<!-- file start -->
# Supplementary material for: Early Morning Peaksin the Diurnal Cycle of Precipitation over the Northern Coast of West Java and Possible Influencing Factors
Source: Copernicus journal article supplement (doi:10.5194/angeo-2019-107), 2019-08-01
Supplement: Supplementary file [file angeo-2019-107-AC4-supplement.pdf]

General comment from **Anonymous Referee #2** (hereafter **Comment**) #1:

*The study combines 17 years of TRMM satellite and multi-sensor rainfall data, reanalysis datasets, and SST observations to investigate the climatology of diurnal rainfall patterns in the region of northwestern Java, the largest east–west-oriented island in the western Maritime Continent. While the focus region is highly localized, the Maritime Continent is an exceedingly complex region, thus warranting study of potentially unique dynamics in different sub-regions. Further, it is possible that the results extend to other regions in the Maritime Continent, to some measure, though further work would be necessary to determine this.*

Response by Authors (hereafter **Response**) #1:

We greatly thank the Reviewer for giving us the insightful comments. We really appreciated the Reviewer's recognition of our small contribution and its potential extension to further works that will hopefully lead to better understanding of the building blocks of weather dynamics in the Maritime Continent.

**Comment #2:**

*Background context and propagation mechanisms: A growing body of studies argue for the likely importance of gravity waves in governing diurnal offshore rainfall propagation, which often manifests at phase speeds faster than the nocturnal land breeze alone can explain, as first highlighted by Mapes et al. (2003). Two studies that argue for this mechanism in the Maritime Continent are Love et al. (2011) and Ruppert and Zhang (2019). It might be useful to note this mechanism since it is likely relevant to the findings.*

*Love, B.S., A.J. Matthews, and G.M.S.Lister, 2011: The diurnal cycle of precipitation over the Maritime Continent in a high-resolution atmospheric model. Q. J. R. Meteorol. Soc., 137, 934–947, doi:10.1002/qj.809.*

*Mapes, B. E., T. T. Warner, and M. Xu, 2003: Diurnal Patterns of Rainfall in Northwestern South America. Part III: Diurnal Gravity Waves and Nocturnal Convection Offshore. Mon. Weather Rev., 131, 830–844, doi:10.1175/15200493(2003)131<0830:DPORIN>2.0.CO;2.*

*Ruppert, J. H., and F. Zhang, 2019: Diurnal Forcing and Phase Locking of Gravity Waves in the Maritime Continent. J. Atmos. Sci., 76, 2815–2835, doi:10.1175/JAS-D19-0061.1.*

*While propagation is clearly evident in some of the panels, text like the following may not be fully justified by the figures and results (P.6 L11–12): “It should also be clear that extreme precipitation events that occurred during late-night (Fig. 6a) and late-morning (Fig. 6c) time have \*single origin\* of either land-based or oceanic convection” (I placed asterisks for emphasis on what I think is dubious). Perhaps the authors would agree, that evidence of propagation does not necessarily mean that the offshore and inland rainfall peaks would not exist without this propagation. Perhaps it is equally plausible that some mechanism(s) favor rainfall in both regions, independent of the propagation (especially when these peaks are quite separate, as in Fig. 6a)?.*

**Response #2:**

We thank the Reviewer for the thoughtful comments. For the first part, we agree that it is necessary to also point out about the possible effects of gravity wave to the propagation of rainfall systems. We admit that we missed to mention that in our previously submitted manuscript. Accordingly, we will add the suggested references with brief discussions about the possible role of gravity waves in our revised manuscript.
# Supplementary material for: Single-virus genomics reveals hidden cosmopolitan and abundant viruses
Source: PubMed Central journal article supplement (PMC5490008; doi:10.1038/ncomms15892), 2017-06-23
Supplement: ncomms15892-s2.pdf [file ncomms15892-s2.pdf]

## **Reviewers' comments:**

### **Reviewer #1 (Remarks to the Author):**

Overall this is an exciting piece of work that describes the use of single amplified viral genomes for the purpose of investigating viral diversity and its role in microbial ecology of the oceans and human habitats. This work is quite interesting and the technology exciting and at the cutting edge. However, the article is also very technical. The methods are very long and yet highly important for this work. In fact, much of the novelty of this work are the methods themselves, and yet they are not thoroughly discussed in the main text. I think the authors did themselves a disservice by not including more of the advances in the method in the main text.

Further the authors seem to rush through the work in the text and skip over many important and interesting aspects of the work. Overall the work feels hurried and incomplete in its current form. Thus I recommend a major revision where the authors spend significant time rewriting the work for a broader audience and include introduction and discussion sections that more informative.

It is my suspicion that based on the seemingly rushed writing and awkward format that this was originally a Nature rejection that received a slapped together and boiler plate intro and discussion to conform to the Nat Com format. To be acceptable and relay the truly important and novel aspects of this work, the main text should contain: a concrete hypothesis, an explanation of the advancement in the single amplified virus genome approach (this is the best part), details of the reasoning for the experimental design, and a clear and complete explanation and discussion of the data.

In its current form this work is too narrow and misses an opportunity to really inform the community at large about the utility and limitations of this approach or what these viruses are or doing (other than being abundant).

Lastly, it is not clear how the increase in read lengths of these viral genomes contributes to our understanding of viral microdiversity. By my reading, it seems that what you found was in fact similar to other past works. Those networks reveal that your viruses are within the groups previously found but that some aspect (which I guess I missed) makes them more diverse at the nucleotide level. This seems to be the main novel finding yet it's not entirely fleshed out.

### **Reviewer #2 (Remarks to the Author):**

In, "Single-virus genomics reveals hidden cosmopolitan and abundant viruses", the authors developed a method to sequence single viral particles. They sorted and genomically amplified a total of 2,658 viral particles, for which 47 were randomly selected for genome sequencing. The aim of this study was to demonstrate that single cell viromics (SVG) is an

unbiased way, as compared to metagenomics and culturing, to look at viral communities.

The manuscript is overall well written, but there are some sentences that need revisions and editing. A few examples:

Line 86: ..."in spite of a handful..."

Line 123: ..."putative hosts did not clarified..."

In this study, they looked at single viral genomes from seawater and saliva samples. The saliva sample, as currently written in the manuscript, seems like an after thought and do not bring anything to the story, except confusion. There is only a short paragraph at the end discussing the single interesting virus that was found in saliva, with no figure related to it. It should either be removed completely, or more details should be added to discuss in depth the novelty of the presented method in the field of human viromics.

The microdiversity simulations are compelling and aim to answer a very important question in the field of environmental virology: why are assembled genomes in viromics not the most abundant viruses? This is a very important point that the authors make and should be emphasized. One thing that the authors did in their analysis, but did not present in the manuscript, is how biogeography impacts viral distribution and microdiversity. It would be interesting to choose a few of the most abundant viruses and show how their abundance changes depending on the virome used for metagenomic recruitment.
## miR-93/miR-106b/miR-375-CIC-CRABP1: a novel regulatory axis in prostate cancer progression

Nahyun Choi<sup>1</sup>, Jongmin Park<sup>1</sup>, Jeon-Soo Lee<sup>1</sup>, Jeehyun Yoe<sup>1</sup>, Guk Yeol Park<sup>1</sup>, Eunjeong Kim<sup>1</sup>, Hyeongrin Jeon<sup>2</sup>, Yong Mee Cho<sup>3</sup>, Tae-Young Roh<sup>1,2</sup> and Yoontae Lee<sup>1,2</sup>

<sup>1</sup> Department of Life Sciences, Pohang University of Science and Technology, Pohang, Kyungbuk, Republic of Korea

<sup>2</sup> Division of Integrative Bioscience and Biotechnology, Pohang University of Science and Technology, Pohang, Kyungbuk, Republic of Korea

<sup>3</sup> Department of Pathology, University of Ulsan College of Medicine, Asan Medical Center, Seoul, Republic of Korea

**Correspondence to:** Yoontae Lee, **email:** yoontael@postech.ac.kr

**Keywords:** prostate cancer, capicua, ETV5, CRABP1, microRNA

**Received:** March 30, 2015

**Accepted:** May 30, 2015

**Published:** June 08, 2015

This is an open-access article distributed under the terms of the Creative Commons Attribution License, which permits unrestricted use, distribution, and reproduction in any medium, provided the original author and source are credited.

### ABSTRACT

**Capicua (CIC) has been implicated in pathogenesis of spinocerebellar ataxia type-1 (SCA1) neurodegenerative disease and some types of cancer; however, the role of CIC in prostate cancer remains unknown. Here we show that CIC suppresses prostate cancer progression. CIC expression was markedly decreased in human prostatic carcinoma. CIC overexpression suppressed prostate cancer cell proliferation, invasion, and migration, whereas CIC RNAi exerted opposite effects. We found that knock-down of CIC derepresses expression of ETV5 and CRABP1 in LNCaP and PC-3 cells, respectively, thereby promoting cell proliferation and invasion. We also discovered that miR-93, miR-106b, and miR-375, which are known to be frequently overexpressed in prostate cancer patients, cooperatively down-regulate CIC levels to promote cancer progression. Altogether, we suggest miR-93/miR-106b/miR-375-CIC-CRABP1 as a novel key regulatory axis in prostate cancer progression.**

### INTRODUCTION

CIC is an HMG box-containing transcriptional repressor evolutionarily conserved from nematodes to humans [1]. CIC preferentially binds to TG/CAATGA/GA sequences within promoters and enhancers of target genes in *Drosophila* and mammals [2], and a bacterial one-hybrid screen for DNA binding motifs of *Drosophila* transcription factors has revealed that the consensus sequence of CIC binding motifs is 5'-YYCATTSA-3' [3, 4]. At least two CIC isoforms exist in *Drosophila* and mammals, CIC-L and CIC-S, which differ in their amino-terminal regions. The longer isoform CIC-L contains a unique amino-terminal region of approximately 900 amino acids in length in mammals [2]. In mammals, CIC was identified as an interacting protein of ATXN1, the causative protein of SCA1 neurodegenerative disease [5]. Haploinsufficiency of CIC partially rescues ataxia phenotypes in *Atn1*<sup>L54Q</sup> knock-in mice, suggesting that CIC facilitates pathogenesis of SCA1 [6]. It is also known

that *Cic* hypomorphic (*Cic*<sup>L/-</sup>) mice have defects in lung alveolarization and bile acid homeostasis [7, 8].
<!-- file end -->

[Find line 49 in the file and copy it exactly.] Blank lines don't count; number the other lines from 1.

that *Cic* hypomorphic (*Cic*<sup>L/-</sup>) mice have defects in lung alveolarization and bile acid homeostasis [7, 8].